Wetenschap - 17 januari 2002

Euro well received by international students

Euro well received by international students

The euro, the joint currency of twelve European countries which was introduced on the first of January, has quickly reached the pockets of international students too. Those registered with the municipality could also collect a free euro-kit with the different coins, worth 3.88 euro.

Kazbek Toleubayev, MSc student in Crop Science from Kazakhstan collected his kit at the Hema. "My neighbour translated the letter which said you could collect free euros. They went like hot cakes." Toleubayev admits he's not adjusted yet to the new prices. "Everything seems to be cheap or half price. But I'm too lazy to convert the prices." MSc students from European countries heard about the introduction of the Euro in their home countries, like the Spanish GIS-student Jose Luis Serrano Castillejo. "For a year there was this irritating cartoon with a happy family on Spanish TV. We were totally brainwashed."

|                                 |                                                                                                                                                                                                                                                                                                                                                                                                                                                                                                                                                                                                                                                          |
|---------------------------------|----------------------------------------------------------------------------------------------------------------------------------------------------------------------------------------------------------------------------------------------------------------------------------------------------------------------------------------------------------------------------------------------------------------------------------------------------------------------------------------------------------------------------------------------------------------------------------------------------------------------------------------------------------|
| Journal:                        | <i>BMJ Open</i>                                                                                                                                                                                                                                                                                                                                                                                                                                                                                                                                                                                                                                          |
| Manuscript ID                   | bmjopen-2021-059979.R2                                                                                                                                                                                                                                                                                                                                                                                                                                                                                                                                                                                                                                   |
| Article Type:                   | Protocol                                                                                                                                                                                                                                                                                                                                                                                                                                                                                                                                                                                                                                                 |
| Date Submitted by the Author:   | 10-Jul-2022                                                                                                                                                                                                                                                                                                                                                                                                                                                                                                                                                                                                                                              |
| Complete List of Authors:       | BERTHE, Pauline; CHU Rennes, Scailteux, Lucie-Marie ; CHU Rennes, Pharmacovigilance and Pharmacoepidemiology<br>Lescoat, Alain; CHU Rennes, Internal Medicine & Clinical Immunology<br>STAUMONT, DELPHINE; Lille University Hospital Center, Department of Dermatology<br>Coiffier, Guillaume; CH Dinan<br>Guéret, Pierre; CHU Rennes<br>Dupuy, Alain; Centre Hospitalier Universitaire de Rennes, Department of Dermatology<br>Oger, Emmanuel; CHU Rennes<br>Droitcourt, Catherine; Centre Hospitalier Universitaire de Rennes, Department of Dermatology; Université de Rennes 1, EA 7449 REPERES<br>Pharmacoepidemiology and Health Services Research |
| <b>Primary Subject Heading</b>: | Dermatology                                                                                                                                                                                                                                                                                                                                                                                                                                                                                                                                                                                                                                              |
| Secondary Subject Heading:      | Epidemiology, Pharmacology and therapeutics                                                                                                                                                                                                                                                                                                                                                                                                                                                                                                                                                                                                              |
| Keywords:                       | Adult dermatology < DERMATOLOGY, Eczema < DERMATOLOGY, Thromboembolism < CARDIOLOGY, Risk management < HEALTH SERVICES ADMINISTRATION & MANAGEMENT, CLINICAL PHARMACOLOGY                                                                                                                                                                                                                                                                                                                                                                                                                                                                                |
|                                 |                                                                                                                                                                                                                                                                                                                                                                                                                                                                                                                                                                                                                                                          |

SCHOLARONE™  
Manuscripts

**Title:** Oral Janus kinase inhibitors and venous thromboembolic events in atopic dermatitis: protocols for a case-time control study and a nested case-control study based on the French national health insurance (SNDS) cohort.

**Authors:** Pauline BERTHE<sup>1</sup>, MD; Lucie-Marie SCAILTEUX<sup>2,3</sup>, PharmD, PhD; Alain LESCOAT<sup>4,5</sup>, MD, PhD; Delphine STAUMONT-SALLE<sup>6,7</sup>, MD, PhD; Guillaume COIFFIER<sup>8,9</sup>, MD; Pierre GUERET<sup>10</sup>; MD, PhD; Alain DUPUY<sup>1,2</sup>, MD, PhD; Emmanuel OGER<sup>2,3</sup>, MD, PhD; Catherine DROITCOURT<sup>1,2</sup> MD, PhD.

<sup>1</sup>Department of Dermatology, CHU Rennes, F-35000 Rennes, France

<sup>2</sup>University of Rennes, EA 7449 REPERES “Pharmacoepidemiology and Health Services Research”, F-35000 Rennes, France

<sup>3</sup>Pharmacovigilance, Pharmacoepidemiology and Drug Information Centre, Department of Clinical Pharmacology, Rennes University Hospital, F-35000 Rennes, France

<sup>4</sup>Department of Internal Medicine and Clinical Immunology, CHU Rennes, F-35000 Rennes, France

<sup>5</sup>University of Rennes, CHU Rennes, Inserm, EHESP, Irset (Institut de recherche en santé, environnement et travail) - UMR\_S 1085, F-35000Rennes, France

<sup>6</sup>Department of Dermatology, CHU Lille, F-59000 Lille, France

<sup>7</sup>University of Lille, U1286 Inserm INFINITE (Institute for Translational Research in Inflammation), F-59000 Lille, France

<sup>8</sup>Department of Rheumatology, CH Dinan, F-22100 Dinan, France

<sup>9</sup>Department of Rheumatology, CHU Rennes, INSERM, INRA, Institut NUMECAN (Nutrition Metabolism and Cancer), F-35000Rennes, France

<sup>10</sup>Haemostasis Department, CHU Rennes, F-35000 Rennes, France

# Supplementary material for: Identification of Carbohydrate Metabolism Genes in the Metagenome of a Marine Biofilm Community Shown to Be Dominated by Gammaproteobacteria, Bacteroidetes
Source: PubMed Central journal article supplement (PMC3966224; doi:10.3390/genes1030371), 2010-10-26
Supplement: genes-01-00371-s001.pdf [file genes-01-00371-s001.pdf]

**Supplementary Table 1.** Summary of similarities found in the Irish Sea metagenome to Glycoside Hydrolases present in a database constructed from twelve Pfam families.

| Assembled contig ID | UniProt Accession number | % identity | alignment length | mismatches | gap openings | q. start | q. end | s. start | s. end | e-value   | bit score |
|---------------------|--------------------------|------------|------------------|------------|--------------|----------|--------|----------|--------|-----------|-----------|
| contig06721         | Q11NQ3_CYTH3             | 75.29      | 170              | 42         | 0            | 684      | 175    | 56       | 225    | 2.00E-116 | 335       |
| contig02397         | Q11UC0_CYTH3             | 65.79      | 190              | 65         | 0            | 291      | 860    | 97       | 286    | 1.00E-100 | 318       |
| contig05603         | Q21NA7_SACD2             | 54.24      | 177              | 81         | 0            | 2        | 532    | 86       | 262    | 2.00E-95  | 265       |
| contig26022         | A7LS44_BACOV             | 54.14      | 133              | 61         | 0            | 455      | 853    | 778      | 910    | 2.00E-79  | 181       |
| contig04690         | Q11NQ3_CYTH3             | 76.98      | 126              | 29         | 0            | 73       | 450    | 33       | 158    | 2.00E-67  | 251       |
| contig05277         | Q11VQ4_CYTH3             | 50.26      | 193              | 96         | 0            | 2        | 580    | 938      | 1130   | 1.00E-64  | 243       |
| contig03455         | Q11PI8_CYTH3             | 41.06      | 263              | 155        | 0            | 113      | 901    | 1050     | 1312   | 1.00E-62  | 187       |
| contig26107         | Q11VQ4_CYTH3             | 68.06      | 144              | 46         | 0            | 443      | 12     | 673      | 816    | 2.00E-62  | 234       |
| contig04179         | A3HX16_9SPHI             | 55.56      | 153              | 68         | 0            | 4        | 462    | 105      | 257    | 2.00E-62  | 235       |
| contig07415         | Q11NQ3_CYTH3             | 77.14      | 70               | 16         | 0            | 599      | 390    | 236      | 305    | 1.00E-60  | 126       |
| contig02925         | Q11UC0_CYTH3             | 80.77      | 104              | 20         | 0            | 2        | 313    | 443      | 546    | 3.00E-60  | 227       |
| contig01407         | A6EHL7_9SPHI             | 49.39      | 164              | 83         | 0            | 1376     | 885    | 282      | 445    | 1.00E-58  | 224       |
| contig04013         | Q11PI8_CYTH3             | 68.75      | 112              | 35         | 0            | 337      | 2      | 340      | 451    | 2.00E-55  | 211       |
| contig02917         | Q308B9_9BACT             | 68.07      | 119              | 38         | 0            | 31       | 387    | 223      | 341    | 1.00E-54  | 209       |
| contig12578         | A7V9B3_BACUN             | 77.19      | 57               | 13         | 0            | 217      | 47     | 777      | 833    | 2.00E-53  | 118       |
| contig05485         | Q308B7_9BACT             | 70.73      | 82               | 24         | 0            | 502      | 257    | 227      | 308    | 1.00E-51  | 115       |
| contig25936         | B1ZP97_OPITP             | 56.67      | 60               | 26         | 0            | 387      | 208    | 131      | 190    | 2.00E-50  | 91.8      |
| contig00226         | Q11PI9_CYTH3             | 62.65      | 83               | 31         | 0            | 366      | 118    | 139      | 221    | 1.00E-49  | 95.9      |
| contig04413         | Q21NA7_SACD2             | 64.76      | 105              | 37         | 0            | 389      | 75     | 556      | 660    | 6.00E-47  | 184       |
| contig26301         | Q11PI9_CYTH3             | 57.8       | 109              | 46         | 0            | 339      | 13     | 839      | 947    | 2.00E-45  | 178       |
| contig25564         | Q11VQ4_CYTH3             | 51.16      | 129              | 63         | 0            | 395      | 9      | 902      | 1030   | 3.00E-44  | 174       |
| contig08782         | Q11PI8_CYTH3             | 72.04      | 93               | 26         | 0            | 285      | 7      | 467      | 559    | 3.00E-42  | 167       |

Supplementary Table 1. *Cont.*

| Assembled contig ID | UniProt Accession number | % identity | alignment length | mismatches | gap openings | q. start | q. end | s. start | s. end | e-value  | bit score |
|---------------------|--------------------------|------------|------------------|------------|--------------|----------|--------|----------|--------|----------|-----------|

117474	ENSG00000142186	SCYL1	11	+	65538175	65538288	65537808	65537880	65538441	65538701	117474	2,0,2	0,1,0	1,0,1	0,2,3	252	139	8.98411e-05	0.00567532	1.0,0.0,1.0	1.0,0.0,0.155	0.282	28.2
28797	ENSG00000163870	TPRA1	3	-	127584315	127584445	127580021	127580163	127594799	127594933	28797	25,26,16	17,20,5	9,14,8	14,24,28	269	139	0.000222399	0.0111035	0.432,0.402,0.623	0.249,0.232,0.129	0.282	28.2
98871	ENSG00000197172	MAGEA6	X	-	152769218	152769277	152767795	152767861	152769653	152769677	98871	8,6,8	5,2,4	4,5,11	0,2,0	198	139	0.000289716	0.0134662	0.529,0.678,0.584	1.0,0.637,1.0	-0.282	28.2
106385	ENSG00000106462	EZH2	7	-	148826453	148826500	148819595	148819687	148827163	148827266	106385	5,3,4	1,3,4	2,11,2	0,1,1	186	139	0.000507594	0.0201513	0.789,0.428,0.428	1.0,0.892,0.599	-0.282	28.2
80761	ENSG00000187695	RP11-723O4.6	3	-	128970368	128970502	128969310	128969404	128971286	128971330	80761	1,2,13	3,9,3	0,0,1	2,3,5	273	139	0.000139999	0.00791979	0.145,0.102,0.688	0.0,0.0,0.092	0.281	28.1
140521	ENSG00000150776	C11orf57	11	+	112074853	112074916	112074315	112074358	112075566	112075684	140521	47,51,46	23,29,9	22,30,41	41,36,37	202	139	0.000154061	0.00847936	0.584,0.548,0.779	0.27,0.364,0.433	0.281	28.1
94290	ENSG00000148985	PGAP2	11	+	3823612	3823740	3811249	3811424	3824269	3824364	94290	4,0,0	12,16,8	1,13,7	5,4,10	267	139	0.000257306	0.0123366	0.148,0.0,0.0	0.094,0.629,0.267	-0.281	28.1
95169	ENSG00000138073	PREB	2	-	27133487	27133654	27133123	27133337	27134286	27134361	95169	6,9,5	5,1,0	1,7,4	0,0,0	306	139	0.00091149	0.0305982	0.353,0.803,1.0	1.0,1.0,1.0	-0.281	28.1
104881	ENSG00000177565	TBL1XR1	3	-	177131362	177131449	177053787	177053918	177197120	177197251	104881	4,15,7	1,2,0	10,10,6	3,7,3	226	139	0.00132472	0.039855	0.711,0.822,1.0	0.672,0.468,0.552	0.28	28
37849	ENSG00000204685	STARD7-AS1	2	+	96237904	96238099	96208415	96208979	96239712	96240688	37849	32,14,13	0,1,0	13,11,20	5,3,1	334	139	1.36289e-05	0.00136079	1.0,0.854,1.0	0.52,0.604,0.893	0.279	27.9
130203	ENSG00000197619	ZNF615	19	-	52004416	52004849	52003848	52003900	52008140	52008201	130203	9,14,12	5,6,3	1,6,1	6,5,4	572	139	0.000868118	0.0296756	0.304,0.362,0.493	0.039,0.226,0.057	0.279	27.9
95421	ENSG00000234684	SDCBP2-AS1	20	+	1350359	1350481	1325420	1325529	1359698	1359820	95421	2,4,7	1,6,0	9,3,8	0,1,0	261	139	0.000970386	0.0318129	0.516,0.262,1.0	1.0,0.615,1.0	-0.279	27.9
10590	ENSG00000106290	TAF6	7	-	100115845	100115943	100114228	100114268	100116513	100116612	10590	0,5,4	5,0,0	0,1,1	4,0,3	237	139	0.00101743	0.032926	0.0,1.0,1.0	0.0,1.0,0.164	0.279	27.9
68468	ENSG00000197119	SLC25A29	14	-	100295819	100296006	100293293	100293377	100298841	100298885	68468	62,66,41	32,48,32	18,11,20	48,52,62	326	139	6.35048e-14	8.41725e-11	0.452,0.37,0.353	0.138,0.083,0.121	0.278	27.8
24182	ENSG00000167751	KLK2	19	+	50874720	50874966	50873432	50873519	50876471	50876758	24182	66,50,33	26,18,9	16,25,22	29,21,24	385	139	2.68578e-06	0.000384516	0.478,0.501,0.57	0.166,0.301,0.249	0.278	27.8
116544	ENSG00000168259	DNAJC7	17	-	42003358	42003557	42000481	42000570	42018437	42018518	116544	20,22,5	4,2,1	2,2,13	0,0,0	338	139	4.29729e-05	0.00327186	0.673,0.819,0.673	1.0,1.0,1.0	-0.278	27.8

Kerstin Kirchsteiger from Austria only recently realised that she'd last used the Austrian money in August when she left. "But I also liked the colourful guilders." She tells that the different euro coins in Austria have different backs, in contrast to the Dutch euros which all carry Queen Beatrix. "I only have no idea of the current value of money." Edoardo Vigetti, who recently travelled to Berlin, has the impression prices have risen everywhere after the introduction. "My parents in Italy called me and told me the same." Still Serrano Castillejo thinks the euro is a useful step to a more politically and economically integrated Europe. "They should have done it before."

Yvonne de Hilster

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